The Theme is simple and short, followed by a contrapuntal development in the Fugue, performed with a vibrant sense of line and development. Man is an active and lively short movement in triple meter, very tuneful. Deity begins with a single melodic line, gradually introducing lovely harmonic details, in a gentle echo between the hands, thoughtful and delicate. Madness is active, but perhaps not quite insane. The virtuosic melody is intertwined between the hands before giving way to a set of rich chords at the end. Ogre is an energetic and dynamic movement with angular melodies and driving rhythm, but the creature is spent rather quickly in the short piece. It is playful and fun, in spite of the ominous title.
The last movement, Woman, is a thoughtful waltz, both wistful and of strong character. The recurring melody wafts into varied arrangements and leaves the listener with the lovely tune in mind. The last movement of the recording is Kuriyagawa bushi, arranged by Sato. The traditional melody is a perfect ending for this mature and dynamic recording by Sumiko Sato. Her compositional creativity combined with her ever confident and vibrant virtuosity will bring repeated joy to the listener. Her treatment of traditional melodies in a modern vernacular is brilliant.
A final word of compliment goes to the creator of the CD artwork and designer of the CD cover. It pays perfect homage to the character of the music―elegantly modern within the scope and depth of the traditional.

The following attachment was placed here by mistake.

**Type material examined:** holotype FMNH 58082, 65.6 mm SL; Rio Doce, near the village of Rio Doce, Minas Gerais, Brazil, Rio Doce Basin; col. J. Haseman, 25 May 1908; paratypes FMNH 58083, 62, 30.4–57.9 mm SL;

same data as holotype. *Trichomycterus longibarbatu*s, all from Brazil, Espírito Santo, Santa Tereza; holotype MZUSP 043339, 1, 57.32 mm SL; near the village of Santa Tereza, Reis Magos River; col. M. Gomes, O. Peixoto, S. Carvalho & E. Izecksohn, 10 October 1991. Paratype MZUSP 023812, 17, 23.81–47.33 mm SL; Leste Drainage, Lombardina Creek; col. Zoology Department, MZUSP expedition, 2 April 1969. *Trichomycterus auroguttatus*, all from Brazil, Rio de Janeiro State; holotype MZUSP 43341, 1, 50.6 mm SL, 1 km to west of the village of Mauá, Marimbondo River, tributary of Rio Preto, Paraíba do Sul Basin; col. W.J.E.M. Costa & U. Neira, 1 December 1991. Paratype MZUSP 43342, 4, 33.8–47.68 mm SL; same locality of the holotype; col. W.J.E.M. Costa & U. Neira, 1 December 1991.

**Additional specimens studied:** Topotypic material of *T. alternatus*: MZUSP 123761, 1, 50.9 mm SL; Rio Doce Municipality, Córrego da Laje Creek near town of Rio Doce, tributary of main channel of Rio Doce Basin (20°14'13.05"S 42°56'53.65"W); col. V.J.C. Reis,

Halida Dinova, pianist (Steinway Artist)
The first cycle (Homage to Deer Dance) is so much more Japanese and technically difficult. The Variations (of Nanbu Cow-herding Song) can be a delightful separate pieces, in the style of Prokofiev “Mimoliotnosti”, some are sounding so warm with gorgeous harmonies and some are in Bartok- Prokofiev rhythms.
Bravo, Sumico, these are high level pieces and your performance is superb.
excerpted from the journal, ‘Kouyuki’ of May 17, 2021, on Morioka Times
Ken Terui, owner of Cafe Jazz Johnny of Kaiunbashi
I can’t tell you how many times I’ve listened to this album. The more I listen to it, the more I realize that this CD, composed and performed entirely by herself, is the essence of her work.
One could say that the melodies are those of folk songs, but the performance style could be said to be jazz, classical or contemporary music as a whole. However, really, it is none of the above. It is music born from the unique world of Sumiko Sato.
The music is the result of her endless efforts to compose freely, without sticking to a certain form or style.